In this article series, Baker Tilly specialists define Agile, walk through its applications to internal audit and offer lessons learned through case study approaches.
In our previous article, we discussed the role of internal audit, introduced the history of Agile, addressed some common misconceptions about agile auditing and set the baseline for the journey ahead. Progressing forward in our journey, we explore the Agile manifesto and how Agile principles can be applied to internal audit.
An example agile internal audit manifesto:
We are uncovering better ways of executing internal audits by doing it and helping others do it. Through this work we have come to value:
While there is value in the items on the right, we value the items on the left more
In understanding the manifesto, the items on the right are very important, but the focus should be on investing more time, and determination of greater “value,” on the items on the left (in bold).
The first part of the manifesto focuses on a mindset, a dedication to continuous improvement. It’s the adherence to a culture of not accepting the status quo, not being complacent with the usual audit programs, or utilizing the same audit testing approach just because “that’s what’s worked”. More importantly, it also focuses on helping others. As an internal partner, the goal is not just to execute but to train, develop and help improve internal audit processes. Consider the following key questions about your internal audit department:
Many internal audit departments focus on efficiency and consistent delivery and communications amongst team members related to various stages within the audit planning, fieldwork and reporting cycle. Such actions include implementation of systems, governance risk compliance (GRC) software, internal audit software and tools and templates. The use of systems and processes are foundational to an efficient means of completing and communicating audit results. Nonetheless, the manifesto value statement intentionally focuses more on the relationships, embracing more face time, understanding that the human element of meaningful interactions drive progress, solutions and agreement. It’s not the GRC system or the templates that helped create an effective and valuable audit. It’s the interactions, the relationship and common understanding with the business process owner, the collaboration on recommendations and communication throughout the audit that drives success and value.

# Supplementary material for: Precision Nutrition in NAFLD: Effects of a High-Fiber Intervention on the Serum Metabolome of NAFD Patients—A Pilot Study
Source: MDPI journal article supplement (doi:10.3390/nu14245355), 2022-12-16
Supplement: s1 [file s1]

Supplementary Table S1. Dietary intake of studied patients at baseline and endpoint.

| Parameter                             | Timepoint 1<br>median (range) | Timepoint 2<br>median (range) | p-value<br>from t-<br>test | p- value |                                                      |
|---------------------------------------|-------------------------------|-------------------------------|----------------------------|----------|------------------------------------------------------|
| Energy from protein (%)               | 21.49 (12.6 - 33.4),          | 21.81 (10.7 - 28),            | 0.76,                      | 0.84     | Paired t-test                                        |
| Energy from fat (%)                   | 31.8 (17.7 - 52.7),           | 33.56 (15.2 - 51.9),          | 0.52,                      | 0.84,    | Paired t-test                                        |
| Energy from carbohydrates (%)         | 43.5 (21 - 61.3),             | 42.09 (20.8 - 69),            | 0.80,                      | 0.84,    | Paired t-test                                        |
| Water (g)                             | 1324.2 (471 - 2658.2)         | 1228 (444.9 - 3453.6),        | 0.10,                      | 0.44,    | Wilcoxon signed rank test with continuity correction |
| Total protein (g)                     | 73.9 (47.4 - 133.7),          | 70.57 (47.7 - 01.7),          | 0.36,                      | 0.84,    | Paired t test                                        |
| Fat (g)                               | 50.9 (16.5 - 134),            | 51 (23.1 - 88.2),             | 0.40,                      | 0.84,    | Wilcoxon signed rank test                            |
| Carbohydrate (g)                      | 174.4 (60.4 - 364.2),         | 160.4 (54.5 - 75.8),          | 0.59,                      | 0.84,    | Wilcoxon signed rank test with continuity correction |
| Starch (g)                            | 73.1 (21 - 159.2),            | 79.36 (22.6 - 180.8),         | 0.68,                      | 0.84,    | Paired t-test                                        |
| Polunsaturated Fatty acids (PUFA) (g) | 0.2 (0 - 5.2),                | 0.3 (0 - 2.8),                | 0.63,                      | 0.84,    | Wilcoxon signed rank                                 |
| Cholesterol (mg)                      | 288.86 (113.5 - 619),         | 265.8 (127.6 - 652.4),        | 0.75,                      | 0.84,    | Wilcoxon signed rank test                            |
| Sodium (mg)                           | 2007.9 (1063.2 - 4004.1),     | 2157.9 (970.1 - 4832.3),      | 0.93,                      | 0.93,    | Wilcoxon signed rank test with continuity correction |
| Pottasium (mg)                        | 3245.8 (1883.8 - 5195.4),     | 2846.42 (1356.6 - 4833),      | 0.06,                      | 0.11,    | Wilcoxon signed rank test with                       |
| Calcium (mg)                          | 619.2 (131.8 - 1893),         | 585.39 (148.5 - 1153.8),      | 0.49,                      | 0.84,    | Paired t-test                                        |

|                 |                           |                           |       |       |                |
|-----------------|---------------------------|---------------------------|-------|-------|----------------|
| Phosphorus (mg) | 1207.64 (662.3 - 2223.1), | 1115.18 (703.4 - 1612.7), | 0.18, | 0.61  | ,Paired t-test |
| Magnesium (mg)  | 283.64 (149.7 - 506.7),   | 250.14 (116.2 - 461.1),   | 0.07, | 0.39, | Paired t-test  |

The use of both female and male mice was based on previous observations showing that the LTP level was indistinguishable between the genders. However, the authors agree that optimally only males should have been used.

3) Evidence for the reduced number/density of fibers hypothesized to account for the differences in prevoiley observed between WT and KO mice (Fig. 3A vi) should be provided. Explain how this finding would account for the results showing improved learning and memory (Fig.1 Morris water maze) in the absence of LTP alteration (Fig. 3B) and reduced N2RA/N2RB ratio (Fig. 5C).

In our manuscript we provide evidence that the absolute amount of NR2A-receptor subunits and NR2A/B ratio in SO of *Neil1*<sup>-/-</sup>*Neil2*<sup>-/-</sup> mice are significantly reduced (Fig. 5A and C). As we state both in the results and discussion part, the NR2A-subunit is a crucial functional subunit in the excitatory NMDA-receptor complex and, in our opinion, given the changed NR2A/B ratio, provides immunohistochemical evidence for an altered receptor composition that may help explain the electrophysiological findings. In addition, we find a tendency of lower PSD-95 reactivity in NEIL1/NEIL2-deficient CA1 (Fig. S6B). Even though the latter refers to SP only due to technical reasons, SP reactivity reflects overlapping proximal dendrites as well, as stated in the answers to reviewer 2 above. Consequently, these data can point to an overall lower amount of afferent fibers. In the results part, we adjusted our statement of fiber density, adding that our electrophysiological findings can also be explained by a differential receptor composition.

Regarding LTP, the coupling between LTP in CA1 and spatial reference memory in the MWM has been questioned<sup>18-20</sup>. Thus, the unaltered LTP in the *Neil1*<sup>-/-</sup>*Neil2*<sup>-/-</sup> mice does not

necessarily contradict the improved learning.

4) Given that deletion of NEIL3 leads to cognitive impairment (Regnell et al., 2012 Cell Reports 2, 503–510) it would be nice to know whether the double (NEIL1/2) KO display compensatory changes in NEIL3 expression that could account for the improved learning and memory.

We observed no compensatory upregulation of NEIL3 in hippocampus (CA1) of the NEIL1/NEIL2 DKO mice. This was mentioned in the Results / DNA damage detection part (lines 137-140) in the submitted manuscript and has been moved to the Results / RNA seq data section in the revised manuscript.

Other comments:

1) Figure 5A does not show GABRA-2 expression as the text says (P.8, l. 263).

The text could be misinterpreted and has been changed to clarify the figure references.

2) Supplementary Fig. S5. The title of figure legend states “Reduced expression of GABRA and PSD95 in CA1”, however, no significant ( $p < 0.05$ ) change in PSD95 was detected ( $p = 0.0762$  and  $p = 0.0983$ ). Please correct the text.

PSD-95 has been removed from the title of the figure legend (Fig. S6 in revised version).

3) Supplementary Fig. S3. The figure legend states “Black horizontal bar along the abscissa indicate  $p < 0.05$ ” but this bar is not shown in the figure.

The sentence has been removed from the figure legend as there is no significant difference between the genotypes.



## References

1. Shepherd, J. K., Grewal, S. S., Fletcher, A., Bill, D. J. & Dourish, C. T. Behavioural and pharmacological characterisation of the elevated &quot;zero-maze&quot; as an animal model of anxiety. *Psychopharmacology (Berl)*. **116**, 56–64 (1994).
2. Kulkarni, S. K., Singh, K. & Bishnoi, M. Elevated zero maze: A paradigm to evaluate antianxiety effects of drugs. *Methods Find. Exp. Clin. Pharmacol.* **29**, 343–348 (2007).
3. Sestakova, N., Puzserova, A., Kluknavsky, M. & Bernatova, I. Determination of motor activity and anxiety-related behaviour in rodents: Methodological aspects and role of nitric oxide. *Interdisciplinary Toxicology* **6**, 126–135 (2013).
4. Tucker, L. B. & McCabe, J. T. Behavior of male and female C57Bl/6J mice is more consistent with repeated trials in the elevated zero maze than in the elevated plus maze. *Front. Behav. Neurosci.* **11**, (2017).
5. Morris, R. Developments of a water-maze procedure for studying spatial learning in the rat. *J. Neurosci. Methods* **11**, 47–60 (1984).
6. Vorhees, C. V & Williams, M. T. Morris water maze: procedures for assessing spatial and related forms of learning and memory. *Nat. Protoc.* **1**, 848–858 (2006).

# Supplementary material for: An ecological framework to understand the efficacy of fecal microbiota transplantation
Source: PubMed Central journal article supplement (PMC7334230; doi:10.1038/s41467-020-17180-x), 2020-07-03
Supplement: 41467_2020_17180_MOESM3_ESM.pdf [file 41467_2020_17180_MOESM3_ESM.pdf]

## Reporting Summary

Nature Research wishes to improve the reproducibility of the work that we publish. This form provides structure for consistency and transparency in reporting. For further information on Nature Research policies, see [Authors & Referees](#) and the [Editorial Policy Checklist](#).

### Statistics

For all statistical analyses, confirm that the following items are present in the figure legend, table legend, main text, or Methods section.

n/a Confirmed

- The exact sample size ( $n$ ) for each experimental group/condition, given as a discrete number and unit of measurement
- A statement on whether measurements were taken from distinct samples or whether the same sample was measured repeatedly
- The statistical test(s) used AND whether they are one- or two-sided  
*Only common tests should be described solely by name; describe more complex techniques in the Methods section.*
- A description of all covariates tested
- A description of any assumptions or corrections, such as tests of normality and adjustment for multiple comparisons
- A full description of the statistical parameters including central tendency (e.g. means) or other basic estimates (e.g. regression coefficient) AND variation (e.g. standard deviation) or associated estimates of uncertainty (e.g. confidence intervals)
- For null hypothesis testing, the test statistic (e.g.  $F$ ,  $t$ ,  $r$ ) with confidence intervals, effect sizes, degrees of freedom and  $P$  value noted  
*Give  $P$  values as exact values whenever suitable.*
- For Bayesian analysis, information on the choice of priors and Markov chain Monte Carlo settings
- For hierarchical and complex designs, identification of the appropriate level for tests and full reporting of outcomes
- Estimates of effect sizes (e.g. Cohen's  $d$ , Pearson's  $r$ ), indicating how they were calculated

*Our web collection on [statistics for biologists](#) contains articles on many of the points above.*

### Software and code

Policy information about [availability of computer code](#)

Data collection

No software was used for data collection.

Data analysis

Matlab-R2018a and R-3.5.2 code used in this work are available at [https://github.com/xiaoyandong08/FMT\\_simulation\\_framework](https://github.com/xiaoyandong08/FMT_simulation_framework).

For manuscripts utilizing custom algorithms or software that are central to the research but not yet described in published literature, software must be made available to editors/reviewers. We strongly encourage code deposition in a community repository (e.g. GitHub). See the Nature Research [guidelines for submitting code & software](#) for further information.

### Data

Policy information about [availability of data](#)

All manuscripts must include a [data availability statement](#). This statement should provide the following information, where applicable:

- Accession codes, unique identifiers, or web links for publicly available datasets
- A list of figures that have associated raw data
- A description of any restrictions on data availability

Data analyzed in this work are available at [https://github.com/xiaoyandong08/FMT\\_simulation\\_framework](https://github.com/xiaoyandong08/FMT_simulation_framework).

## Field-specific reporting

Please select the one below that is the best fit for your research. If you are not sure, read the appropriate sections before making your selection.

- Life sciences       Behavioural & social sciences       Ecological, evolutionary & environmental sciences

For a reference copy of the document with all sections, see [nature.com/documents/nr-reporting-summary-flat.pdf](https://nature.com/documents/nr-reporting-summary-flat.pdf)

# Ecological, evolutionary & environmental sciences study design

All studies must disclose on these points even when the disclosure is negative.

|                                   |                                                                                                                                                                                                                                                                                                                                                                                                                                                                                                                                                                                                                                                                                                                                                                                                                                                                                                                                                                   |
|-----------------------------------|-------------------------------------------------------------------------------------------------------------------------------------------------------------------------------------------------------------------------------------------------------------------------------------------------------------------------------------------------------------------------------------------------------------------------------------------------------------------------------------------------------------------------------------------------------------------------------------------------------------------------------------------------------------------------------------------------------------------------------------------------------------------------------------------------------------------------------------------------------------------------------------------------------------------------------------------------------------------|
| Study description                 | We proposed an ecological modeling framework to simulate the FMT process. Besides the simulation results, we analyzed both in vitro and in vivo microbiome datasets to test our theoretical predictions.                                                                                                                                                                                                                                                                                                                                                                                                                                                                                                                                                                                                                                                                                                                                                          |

There are misconceptions that being agile means less documentation. That is not necessarily the case and should be clarified. Being agile in internal audit can mean focusing on the minimum required documentation of information that is sufficient, reliable, relevant and useful and that will support the engagement results and conclusions.
The Institute of Internal Auditors (IIA) International Professional Practices Framework (IPPF) Standard 2330 – documenting information states, “Perhaps most importantly, workpapers contain sufficient and relevant information that would enable a prudent, informed person, such as another internal auditor or an external auditor, to reach the same conclusions as those reached by the internal auditors who conducted the engagement.”
In considering the manifesto, place more value on the “organizational value” of the results of the documentation and conclusions reached. Consider the following key questions in evaluating this part of the manifesto and where efficiencies in documentation can be gained: